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Occasional Contributor firmbee
Occasional Contributor

Data charges

Yesterday I received message at 6.30 pm to say I had used 51gb of my 60gb allowance. My cycle starts on the 19/01. It was the 18/01. I had 5.5 hours left of my month. At 11.08 pm I received message to say another 1gb had been added to my account! Really?i had less than an hour to go? Now I have had to pay 10? I don’t think this is fair trading by Optus? Very disappointed!

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Honoured Contributor
Honoured Contributor

Re: Data charges

Its not fair trading but it is the deal you signed up for. Optus provide no way to avoid auto top up fees at any point of the month. They also provide no way to limit the number of auto top ups so customers are potentially on the hook for $1000's of unwanted data.

 

Tesltra has recently introduced a 'sleep easy' speed limit on plans which is a much more reasonable approach to excess data IMO. Those wanting more data can always buy some with a click of the app. Seems fair and reasonable to me.

 

Peter Gillespie

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Occasional Contributor firmbee
Occasional Contributor

Re: Data charges

I know😫but how did I use all that data before midnight? Does the extra data transfer to the next day? Such a rip off! 

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Occasional Contributor firmbee
Occasional Contributor

Re: Data charges

I know but how did I use all that data before midnight? Does the extra data transfer to the next day? Such a rip off! 

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Honoured Contributor
Honoured Contributor

Re: Data charges

The extra data expires as the month does. Sorry. Optus has probably made a few hundred thousand dollars topping up phones at around 11:59pm only to cancel it one minute later as the customers plan renews. Would be a touch nicer if they at least let you keep that 1Gb (considering they charged $10 for what they normally sell for around 50c)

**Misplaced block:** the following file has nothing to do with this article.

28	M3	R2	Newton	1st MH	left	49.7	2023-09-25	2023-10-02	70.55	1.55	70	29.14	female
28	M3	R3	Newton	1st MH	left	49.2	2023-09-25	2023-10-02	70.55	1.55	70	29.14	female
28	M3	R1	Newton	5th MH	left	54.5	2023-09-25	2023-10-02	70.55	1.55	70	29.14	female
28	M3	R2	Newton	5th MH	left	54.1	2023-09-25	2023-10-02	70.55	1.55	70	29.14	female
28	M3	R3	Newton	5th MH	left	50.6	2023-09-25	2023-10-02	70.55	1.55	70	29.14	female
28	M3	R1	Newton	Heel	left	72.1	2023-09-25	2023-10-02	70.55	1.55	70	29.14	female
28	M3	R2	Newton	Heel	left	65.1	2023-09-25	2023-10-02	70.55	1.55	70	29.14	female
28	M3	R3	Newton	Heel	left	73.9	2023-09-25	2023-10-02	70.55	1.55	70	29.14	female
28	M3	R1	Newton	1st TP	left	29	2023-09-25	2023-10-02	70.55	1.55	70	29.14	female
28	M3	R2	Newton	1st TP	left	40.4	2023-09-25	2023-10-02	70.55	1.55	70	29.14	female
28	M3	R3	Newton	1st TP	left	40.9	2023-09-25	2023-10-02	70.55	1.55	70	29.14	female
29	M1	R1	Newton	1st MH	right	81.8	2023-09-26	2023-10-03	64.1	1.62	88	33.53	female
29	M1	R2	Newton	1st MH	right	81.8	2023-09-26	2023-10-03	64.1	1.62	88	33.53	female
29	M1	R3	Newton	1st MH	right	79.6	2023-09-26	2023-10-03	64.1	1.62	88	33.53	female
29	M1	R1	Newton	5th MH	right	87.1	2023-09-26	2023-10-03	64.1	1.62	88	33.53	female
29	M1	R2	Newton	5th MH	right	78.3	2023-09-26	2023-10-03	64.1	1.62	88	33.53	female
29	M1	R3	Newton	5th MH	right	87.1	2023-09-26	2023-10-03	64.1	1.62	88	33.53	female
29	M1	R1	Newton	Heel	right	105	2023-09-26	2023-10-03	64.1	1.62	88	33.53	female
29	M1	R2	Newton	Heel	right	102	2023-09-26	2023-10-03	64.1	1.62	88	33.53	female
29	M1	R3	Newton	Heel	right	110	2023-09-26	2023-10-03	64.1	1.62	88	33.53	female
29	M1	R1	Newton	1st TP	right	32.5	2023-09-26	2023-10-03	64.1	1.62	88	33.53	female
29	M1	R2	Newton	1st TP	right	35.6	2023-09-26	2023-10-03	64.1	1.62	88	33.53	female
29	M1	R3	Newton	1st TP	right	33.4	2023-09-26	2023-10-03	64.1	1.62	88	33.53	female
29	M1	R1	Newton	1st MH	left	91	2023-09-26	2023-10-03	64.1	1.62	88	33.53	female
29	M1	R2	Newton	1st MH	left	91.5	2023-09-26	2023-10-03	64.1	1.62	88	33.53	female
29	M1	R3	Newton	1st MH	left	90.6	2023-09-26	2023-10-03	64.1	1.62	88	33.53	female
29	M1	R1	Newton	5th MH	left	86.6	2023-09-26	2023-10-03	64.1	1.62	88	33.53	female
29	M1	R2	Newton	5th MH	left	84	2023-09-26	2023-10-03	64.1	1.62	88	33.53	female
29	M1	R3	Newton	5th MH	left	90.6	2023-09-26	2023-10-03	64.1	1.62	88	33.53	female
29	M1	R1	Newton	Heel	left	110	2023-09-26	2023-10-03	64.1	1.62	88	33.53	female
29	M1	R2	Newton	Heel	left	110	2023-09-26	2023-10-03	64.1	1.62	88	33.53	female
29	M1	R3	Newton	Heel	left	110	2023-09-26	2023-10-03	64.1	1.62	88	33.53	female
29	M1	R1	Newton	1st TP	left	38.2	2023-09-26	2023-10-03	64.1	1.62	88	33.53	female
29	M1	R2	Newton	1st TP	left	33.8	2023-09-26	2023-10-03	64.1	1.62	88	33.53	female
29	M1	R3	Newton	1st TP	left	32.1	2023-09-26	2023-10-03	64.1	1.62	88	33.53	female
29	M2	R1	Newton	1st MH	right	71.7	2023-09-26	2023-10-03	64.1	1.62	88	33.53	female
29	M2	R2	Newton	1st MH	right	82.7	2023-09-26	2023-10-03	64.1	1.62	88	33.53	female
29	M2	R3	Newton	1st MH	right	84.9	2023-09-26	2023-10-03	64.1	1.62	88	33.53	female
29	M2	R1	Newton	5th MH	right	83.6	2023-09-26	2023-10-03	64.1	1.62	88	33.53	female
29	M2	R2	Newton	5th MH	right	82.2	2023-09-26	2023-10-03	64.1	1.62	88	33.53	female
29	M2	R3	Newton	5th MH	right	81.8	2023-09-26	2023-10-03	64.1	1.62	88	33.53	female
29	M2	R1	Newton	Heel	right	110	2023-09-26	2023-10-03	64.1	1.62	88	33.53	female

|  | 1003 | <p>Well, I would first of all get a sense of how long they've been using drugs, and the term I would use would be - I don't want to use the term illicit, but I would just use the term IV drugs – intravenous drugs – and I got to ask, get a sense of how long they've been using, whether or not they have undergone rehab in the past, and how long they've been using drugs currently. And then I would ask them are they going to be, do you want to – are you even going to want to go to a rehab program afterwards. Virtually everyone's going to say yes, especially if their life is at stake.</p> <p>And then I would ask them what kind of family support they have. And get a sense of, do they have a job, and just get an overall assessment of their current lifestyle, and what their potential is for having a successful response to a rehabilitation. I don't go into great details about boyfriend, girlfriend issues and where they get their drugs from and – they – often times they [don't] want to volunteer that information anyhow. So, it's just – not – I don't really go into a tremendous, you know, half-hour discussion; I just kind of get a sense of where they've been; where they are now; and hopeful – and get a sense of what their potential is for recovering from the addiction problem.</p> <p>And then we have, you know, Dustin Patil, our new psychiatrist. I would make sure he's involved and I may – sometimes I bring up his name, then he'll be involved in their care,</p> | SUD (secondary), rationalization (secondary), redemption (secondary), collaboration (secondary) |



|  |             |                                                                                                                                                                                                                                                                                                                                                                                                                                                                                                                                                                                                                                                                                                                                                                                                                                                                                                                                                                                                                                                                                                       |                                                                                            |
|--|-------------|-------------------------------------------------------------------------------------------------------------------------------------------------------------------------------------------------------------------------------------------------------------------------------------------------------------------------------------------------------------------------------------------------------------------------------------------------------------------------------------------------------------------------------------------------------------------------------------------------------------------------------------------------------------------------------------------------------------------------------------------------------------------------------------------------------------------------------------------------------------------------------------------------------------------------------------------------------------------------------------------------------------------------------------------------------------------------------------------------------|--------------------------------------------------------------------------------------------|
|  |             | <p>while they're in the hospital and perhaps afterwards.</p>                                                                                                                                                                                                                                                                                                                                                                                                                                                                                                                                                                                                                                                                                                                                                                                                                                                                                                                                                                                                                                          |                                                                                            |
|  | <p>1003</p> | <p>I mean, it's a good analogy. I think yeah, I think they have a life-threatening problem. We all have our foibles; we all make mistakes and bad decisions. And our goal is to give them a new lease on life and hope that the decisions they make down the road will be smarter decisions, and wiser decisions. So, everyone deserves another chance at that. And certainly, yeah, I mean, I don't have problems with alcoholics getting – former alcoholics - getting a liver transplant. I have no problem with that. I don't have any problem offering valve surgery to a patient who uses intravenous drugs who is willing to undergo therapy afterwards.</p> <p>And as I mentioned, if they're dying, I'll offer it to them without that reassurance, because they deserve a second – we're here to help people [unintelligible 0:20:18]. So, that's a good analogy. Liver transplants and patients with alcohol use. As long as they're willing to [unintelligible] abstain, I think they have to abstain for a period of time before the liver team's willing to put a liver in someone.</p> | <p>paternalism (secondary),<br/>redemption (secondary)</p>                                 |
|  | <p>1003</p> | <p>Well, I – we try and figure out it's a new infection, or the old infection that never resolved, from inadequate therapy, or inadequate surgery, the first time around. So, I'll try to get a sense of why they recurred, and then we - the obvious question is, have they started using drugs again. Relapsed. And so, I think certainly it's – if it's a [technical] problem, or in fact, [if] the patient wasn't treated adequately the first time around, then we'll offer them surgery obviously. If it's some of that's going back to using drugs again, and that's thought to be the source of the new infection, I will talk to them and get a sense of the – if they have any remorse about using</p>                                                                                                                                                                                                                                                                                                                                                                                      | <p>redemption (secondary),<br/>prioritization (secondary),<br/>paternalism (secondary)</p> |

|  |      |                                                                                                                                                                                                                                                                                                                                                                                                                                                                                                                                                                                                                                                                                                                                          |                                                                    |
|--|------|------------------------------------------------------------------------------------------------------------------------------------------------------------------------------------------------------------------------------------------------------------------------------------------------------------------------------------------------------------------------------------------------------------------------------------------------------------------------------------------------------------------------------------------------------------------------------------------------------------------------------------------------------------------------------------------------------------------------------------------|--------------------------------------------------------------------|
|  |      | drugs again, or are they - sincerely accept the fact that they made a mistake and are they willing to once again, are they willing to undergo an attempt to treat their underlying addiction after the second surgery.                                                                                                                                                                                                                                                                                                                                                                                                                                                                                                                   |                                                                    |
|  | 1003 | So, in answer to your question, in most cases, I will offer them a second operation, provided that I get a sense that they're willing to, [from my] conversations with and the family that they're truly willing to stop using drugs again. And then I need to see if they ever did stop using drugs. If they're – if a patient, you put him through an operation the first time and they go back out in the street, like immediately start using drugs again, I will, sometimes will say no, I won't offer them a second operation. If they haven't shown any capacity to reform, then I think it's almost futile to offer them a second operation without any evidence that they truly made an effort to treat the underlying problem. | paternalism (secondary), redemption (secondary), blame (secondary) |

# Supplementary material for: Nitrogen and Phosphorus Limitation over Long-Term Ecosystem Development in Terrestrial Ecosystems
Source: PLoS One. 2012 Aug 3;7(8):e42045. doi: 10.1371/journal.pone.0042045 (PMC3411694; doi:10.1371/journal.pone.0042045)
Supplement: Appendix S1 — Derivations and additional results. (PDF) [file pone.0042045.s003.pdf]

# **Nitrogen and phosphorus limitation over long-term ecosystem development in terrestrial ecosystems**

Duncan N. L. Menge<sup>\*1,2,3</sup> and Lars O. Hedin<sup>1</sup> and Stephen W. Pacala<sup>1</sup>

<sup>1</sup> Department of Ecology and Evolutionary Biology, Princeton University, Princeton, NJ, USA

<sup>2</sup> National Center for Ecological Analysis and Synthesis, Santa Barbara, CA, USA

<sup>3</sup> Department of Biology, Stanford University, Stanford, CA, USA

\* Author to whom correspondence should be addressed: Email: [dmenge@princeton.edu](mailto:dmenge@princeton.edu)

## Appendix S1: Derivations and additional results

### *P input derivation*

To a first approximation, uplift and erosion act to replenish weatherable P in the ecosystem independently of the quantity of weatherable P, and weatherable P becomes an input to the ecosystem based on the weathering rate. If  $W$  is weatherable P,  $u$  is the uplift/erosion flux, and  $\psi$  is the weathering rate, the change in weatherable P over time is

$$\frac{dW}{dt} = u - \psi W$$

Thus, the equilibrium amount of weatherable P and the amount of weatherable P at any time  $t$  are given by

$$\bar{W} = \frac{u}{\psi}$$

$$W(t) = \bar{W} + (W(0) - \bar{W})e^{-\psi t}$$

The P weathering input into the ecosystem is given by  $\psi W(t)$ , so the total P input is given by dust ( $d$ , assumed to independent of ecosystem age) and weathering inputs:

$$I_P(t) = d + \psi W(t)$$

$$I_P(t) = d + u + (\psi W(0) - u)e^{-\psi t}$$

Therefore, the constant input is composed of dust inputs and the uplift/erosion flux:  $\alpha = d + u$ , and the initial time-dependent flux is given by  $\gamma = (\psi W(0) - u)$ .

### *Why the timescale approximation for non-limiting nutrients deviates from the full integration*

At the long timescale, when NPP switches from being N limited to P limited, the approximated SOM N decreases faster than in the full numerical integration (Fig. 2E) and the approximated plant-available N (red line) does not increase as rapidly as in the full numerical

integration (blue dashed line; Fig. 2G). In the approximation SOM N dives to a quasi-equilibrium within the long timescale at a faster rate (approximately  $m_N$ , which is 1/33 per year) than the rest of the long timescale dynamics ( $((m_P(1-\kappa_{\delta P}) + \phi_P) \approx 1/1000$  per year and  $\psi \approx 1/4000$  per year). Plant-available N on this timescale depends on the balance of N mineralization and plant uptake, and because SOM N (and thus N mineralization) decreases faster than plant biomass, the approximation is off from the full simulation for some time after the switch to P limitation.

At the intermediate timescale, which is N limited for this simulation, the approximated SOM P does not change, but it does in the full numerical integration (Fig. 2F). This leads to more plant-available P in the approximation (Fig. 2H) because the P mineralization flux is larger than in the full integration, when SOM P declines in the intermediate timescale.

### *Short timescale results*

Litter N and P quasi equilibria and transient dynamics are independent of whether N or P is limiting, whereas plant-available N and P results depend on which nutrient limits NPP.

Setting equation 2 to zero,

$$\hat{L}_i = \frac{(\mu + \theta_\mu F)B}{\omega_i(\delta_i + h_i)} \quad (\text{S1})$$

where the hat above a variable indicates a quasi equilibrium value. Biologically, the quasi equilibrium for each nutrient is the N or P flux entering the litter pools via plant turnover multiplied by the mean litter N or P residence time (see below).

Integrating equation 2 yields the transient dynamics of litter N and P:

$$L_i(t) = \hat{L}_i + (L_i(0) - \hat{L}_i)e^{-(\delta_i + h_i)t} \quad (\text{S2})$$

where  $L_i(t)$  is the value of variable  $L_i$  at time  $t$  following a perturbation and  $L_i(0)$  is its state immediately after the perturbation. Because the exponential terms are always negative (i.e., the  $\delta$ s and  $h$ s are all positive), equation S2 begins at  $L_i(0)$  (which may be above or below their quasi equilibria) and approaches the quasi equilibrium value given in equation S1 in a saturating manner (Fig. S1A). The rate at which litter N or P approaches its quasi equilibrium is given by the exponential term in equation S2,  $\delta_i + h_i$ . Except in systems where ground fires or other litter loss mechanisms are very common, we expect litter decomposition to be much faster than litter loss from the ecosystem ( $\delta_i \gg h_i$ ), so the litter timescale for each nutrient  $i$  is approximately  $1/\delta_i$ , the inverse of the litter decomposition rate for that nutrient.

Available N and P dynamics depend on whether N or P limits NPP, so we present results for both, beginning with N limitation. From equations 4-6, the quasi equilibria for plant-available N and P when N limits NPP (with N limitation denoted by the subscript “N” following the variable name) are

As for the sudden surge in usage, Optus only update data within a 48 hour time frame. Usually its within about 30 minutes but its sort of a 'best efforts' approach. The data you got slammed with might have been used any time in the previous two days but just not updated to you yet.

 

For my part the combination of these two factors (unlimited auto top ups and potentially very delayed usage updates) makes the current Optus approach to excess data unconcionable. Until they can fix one or the other the policy should not be allowed given its essentially a lottery whether you exceed your data or not in any given month.

 

If you own an Android set up the excellent monthly local data limits and warnings. You can control the amounts you use. If its an iPhone then you can manually reset the usage counter each month but you will need to keep an eye on it yourself.

 

Better luck next month

 

Peter Gillespie 

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Occasional Contributor HWill
Occasional Contributor

Re: Data charges

I got the text message at 11.26pm. I've just had the futile conversation with chat help that a warning at 92 or 95% of usage was more useful than 50%, 85% and 100%. The 85% warning can come a week before the contract rollover so is still not much help so that something before 100% would be useful. And that there should be an opt-out from auto top up. I was told my feedback would be passed to the backend team.
Honoured Contributor
Honoured Contributor

Re: Data charges

I'm sure it will be. However this is a management decision and has been in place for decades at Optus. There's no end of angry customers who have complained about unwanted top ups and many who have ended up owing $100's for a few Gb through no fault of their own. Since Optus directly profit from the situation its really a choice between looking after the customer or the bottom line.

 

Perhaps the ACCC will step in like they did for the Premium SMS scam. Or perhaps the fact that other Telcos (like Telstra) are stopping the practice will see Optus finally decide the comercial gain is no longer worth it. Unfortunately it won't be because of feedback. Smiley Sad

 

But its a known pitfall (once you fall into the pit) so monitor your data locally if you can and try not to get within 10% of the plans total monthly data before the rollover date.

 

Peter Gillespie

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